Why is this surprising? French colonialism never threatened the USA. Communism was always seen as a very direct threat and it was spreading like wildfire throughout Asia. Communism was a truly global malaise. Makes complete sense that they got involved when they did in order to stop it. Sadly, it was a failure.

But this is probably not how the left presents things, right? :wink:


#4

“Communism was always seen as a very direct threat…” Yes, that about sums it up. Not that the Viet Minh were ever an actual threat (being our formal allies in WW II), but that it was politically undesirable to be viewed as “soft on communism.” President Truman’s betrayal of our Viet Minh allies helped get him elected to a second term at the eventual cost of over 50,000 US soldiers dead (not to mention the over 3 million Asians.)
We might also be able to say the same about Lyndon Johnson, but the reality of US aggression in Vietnam caught up with him before he could run for re-election.

Do you remember how Ho Chi Minh personally escorted a downed US pilot by the name of Lt. Shaw, 51st Fighter Group, from behind Japanese lines to the safety of a US base in China? This was at a time when the Japs offered financial rewards to the Viets for the capture of US aviators and when the French colonial government also assisted in the same. From Lt. Shaw’s diary:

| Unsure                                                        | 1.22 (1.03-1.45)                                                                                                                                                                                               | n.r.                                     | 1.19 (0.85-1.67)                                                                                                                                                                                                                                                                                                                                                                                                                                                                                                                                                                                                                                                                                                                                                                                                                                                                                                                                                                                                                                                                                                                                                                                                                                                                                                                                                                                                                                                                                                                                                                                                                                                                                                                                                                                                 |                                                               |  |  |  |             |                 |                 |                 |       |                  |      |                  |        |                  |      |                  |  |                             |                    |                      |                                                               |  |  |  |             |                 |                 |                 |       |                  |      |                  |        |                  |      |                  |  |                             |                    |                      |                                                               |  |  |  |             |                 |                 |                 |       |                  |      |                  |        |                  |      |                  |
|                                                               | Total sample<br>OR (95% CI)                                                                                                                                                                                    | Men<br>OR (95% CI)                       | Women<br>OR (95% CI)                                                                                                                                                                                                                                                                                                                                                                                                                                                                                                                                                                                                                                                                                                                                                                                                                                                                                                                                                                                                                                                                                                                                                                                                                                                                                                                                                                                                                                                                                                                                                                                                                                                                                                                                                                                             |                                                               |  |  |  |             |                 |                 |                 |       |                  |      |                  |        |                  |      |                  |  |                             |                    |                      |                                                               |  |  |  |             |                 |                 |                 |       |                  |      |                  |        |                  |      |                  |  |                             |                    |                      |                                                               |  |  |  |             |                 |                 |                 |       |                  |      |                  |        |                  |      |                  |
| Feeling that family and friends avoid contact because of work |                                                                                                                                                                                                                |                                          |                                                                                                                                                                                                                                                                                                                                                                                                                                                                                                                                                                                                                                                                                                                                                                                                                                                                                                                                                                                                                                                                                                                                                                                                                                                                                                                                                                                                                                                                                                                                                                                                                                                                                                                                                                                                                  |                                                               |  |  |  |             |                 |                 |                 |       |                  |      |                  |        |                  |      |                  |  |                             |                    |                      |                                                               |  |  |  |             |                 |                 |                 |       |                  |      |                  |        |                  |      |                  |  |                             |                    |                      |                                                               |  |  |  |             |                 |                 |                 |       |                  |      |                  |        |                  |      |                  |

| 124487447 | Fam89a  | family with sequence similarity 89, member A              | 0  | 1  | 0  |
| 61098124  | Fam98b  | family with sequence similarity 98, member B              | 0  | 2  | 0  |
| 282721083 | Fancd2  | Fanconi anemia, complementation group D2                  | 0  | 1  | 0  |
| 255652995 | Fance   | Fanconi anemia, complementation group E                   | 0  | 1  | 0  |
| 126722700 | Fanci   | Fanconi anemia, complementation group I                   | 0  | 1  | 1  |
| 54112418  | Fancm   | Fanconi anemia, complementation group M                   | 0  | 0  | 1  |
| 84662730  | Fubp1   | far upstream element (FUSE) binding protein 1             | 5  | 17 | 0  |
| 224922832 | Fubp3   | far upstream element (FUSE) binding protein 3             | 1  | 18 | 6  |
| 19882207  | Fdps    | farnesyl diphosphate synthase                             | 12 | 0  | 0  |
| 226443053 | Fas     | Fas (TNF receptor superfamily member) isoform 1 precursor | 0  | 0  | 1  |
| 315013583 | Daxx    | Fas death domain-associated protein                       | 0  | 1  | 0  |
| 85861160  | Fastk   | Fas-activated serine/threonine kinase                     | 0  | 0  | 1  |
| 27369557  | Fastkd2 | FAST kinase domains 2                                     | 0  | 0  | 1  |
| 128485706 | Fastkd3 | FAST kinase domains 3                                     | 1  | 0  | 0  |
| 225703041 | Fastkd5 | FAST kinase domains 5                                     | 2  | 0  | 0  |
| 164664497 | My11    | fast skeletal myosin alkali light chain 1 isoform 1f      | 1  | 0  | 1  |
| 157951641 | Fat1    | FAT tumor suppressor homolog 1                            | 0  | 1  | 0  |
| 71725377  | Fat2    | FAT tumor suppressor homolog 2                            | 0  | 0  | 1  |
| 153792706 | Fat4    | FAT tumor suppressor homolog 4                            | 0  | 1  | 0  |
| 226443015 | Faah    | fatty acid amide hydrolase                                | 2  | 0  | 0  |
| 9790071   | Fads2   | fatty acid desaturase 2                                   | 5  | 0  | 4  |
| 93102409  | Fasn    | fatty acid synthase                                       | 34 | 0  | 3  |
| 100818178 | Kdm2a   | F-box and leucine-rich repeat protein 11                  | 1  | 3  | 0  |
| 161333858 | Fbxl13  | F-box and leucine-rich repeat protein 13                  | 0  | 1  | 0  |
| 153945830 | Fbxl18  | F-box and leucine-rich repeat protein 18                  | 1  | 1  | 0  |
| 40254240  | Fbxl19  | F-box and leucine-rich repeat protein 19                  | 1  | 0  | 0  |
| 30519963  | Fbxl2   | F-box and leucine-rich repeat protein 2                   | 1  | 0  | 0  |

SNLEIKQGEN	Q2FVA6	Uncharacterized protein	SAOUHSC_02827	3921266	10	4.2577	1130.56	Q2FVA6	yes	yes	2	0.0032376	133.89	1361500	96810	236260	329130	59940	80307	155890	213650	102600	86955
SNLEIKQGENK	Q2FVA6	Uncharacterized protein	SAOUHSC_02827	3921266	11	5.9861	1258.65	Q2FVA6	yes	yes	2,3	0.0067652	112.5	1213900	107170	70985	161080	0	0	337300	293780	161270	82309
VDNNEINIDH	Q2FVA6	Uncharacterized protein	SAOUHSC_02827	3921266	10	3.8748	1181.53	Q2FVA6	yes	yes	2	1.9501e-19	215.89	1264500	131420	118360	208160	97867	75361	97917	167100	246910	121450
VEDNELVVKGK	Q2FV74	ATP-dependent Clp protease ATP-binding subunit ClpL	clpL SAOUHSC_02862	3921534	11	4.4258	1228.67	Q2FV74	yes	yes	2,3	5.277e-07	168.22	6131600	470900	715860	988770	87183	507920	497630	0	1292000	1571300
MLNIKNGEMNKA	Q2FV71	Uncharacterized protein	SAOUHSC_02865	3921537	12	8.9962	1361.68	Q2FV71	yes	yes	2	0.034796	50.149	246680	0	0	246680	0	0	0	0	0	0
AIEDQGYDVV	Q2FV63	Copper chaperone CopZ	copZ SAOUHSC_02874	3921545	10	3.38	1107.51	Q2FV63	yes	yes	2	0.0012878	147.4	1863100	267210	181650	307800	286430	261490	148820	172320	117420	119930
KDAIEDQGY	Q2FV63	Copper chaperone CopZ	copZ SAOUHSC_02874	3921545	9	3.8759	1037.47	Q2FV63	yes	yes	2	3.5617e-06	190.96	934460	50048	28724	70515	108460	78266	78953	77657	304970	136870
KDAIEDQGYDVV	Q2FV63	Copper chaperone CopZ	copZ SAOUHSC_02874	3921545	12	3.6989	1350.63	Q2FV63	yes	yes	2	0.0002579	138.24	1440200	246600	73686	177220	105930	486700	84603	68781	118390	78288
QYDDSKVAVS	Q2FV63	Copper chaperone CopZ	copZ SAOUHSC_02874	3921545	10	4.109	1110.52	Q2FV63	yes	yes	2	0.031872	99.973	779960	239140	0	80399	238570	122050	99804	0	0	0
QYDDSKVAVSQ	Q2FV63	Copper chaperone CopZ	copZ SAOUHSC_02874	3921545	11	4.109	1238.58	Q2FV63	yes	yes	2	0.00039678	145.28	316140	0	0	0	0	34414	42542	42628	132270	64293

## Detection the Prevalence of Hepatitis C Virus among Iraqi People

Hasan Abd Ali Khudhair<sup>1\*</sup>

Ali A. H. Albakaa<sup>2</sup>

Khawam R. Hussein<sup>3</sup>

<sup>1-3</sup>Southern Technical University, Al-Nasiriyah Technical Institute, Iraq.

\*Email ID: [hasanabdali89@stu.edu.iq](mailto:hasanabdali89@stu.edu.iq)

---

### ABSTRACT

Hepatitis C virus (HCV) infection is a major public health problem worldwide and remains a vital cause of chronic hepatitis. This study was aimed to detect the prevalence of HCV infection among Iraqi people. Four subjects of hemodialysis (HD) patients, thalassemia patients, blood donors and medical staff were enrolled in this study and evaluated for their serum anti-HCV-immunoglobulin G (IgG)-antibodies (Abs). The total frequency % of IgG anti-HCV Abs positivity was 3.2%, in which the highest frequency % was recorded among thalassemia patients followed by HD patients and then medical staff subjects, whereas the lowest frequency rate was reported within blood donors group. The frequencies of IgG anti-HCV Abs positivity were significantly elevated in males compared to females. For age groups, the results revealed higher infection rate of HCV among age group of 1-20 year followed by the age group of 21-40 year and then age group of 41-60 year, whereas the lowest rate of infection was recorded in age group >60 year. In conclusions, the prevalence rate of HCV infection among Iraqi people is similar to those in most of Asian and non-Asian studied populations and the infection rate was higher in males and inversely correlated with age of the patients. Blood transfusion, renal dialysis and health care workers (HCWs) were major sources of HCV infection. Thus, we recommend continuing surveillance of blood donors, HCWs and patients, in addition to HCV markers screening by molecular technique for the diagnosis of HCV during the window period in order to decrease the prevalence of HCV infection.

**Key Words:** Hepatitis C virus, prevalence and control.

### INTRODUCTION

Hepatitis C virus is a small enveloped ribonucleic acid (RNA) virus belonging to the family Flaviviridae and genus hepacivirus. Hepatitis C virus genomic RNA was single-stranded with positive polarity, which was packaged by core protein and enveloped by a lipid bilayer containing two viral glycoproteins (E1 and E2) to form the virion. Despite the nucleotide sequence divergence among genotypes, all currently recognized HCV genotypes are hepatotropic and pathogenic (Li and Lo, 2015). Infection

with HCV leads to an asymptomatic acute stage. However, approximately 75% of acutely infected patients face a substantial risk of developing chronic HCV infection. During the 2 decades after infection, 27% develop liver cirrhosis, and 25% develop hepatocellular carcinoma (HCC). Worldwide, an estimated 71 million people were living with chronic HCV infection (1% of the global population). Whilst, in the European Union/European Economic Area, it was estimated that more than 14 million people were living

“For 30 days, playing hide and seek with the French and the Japs, the patriots (meaning the Viet Minh) brought me from one hiding place to another. They did their best to make me comfortable.”

General Chennault wrote: “I am heartily in favor of maintaining good relations with any organization in French Indo China that will effectively aid in escape the US military personel likely to require aid in that country, regardless of their local political affiliations.”

The very first protest against the US betrayal of our Viet allies was made by US Merchant Marine sailors in 1945 when Truman order them to transport French troops to the newly independent Vietnam to “subjugate the native population.”

You say: “Makes complete sense that they got involved when they did in order to stop it.” With all due respect sir: 1. The USA was already very involved in Vietnam in 1945, and 2. Truman’s refusal to accept Vietnamese independence from France was based on political expediency and had nothing to do with the security of the USA.

Reference:“The OSS and Ho Chi Minh: Unexpected Allies in the War Against Japan.”
D. R. Bartholomew, 2006.

BTW: your suggestion that the truth of history is a “how the left presents things” is not correct. There are many who, out of a patriotism, refuse to admit that the United States of America could ever be guilty the horrendous mistake of an illegal war that caused the unnecessary deaths of millions. Why be one of them?

These authors are not leftist:

H.R. McMaster, General, US Army: “Dereliction of Duty: Johnson, McNamara, the Joint Chiefs of Staff, and the Lies That Led to Vietnam.”